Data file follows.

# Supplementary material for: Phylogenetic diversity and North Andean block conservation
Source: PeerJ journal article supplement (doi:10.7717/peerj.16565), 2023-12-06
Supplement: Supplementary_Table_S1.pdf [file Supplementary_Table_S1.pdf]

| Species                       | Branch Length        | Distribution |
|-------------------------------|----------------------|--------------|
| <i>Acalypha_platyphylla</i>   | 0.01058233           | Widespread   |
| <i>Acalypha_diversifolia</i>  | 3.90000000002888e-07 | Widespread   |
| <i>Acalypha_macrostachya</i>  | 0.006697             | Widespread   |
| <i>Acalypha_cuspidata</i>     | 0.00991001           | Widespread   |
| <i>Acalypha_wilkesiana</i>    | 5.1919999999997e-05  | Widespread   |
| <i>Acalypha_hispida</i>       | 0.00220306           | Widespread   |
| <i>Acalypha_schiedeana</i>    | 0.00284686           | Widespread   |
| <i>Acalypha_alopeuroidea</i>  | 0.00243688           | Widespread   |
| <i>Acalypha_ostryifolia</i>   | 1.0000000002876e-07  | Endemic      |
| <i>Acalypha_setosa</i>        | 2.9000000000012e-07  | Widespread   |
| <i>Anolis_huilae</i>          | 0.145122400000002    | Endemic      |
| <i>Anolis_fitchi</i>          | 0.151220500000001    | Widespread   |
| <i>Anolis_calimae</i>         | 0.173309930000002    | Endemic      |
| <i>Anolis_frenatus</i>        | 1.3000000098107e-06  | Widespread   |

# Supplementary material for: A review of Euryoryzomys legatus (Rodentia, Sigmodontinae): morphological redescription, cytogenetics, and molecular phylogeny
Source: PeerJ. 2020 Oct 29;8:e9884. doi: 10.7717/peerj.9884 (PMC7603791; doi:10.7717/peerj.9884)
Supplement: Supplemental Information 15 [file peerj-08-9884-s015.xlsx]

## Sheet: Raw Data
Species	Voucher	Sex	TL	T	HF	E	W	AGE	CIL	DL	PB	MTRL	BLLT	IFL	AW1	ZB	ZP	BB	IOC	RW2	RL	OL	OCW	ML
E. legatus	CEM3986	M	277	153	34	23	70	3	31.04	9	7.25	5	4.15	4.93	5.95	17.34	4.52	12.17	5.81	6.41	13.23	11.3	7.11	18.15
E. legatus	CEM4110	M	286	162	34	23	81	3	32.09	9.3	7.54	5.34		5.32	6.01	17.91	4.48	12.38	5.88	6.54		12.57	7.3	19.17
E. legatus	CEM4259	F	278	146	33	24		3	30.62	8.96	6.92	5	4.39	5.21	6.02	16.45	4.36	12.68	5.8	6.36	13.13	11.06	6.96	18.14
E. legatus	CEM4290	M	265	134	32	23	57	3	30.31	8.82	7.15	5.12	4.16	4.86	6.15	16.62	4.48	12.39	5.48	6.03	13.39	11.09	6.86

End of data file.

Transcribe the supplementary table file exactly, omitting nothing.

# Supplementary material for: Phylogenetic diversity and North Andean block conservation
Source: PeerJ journal article supplement (doi:10.7717/peerj.16565), 2023-12-06
Supplement: Supplementary_Table_S1.pdf [file Supplementary_Table_S1.pdf]

| Species                       | Branch Length        | Distribution |
|-------------------------------|----------------------|--------------|
| <i>Acalypha_platyphylla</i>   | 0.01058233           | Widespread   |
| <i>Acalypha_diversifolia</i>  | 3.90000000002888e-07 | Widespread   |
| <i>Acalypha_macrostachya</i>  | 0.006697             | Widespread   |
| <i>Acalypha_cuspidata</i>     | 0.00991001           | Widespread   |
| <i>Acalypha_wilkesiana</i>    | 5.1919999999997e-05  | Widespread   |
| <i>Acalypha_hispida</i>       | 0.00220306           | Widespread   |
| <i>Acalypha_schiedeana</i>    | 0.00284686           | Widespread   |
| <i>Acalypha_alopeuroidea</i>  | 0.00243688           | Widespread   |
| <i>Acalypha_ostryifolia</i>   | 1.0000000002876e-07  | Endemic      |
| <i>Acalypha_setosa</i>        | 2.9000000000012e-07  | Widespread   |
| <i>Anolis_huilae</i>          | 0.145122400000002    | Endemic      |
| <i>Anolis_fitchi</i>          | 0.151220500000001    | Widespread   |
| <i>Anolis_calimae</i>         | 0.173309930000002    | Endemic      |
| <i>Anolis_frenatus</i>        | 1.3000000098107e-06  | Widespread   |

# Supplementary material for: A review of Euryoryzomys legatus (Rodentia, Sigmodontinae): morphological redescription, cytogenetics, and molecular phylogeny
Source: PeerJ. 2020 Oct 29;8:e9884. doi: 10.7717/peerj.9884 (PMC7603791; doi:10.7717/peerj.9884)
Supplement: Supplemental Information 15 [file peerj-08-9884-s015.xlsx]

## Sheet: Raw Data
Species	Voucher	Sex	TL	T	HF	E	W	AGE	CIL	DL	PB	MTRL	BLLT	IFL	AW1	ZB	ZP	BB	IOC	RW2	RL	OL	OCW	ML
E. legatus	CEM3986	M	277	153	34	23	70	3	31.04	9	7.25	5	4.15	4.93	5.95	17.34	4.52	12.17	5.81	6.41	13.23	11.3	7.11	18.15
E. legatus	CEM4110	M	286	162	34	23	81	3	32.09	9.3	7.54	5.34		5.32	6.01	17.91	4.48	12.38	5.88	6.54		12.57	7.3	19.17
E. legatus	CEM4259	F	278	146	33	24		3	30.62	8.96	6.92	5	4.39	5.21	6.02	16.45	4.36	12.68	5.8	6.36	13.13	11.06	6.96	18.14
E. legatus	CEM4290	M	265	134	32	23	57	3	30.31	8.82	7.15	5.12	4.16	4.86	6.15	16.62	4.48	12.39	5.48	6.03	13.39	11.09	6.86